Smoking may significantly reduce calorie intake by regulating the levels of the hunger hormone ghrelin, a new study has claimed. The study by Konstantina Zachari and colleagues from Harokopio University Athens in Greece examined the acute effect of smoking and its abstinence on dietary intake, subjective feelings and hormones related to appetite.
It involved 14 healthy males who participated in two trials after overnight abstinence from smoking and food: the C-cig, where they smoked two cigarettes of their brand and the S-sham (control) where they held the cigarette as smoking without lighting it. Each trial lasted 15 minutes and after 45 minutes participants ate freely a variety of snacks.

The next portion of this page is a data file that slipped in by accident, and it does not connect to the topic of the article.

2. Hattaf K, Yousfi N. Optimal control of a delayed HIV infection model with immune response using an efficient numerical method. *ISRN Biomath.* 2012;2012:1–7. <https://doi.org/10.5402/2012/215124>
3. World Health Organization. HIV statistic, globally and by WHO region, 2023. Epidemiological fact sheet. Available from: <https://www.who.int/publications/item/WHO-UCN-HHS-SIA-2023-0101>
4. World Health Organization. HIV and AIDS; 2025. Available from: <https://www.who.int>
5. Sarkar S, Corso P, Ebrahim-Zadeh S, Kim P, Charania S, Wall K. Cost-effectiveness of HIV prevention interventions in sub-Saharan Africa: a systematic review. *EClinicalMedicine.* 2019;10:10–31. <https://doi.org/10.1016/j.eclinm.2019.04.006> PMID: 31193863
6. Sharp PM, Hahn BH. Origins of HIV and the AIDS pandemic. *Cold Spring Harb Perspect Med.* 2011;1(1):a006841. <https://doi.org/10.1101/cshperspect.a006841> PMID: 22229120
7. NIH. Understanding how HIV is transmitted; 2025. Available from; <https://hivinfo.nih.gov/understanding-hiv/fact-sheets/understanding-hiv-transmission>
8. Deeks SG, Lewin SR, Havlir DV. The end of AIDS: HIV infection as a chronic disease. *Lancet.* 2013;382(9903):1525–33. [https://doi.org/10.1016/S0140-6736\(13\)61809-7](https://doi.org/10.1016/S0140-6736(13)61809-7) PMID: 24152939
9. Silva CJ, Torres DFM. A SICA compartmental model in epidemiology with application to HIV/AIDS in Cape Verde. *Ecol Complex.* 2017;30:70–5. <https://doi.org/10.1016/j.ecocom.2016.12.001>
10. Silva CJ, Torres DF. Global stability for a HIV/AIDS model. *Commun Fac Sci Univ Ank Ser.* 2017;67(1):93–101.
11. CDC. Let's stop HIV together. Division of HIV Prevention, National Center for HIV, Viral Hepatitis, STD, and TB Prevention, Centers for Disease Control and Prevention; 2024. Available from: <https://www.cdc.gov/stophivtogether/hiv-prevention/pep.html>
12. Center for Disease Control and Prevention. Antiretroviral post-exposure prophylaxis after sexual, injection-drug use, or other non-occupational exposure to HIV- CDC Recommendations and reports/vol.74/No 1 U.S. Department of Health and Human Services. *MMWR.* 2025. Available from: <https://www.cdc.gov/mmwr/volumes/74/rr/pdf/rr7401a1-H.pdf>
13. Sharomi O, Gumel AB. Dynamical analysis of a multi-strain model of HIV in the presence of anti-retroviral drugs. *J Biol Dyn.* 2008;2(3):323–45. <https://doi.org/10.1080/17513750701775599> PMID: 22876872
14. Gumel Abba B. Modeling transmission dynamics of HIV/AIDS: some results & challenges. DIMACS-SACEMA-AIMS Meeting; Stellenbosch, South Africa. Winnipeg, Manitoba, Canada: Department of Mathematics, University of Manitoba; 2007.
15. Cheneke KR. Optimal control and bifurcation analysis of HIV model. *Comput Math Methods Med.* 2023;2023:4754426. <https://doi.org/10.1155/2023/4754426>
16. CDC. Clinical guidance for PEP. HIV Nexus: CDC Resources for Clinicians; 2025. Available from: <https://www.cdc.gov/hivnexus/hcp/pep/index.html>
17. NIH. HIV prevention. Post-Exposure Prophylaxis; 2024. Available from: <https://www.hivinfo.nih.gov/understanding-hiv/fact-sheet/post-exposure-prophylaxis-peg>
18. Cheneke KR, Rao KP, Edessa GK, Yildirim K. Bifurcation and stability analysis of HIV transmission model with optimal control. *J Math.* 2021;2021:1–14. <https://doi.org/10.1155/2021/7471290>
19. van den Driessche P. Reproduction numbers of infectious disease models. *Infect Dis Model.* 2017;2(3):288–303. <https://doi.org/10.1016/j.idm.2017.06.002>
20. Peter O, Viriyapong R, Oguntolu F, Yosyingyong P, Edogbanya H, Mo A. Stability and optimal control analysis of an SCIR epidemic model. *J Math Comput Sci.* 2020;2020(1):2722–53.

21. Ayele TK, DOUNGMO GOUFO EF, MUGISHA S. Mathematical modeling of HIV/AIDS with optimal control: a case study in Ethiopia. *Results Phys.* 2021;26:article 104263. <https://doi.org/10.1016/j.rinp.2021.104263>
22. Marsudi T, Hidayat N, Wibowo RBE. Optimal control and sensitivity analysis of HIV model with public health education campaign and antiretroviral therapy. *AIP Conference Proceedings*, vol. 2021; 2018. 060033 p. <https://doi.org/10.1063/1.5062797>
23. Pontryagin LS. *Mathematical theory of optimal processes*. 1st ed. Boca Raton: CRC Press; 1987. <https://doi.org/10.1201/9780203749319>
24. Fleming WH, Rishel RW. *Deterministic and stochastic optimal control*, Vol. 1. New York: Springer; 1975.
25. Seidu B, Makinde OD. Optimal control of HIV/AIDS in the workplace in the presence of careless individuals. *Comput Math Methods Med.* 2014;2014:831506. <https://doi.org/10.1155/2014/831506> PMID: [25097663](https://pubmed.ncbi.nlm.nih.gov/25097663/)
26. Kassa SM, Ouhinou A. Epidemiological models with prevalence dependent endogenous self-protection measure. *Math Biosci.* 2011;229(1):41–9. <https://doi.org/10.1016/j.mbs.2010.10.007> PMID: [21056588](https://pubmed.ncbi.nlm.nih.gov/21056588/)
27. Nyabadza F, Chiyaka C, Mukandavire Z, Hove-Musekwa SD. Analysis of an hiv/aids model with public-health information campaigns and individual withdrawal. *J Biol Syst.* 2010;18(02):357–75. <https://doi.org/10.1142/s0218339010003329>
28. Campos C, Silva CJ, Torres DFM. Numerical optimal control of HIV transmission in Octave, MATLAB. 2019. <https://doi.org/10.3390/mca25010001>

Dietary intake and at standard time points appetite feelings (hunger, satiety, desire to eat) and craving for smoking were recorded. Blood samples were collected and analysed for various hormones including obestatin, ghrelin, GLP-1, CCK and insulin. The researchers found that smoking had an acute effect on dietary intake, reducing it by 152 calories – a statistically significant result.
There was no intervention effect for taste preference (sweet or salty foods) or macronutrient intake. An intervention time effect on plasma ghrelin concentration was found, with ghrelin’s concentration being lower 60 minutes after S-sham, indicating more fullness and food consumption after the S-sham part of the study. There was no intervention effect for appetite feelings, obestatin, CCK, GLP-1 and insulin.
“In our small study, we found that smoking had an acute effect on energy intake that could be mediated by alterations in ghrelin levels,” said Zacchari.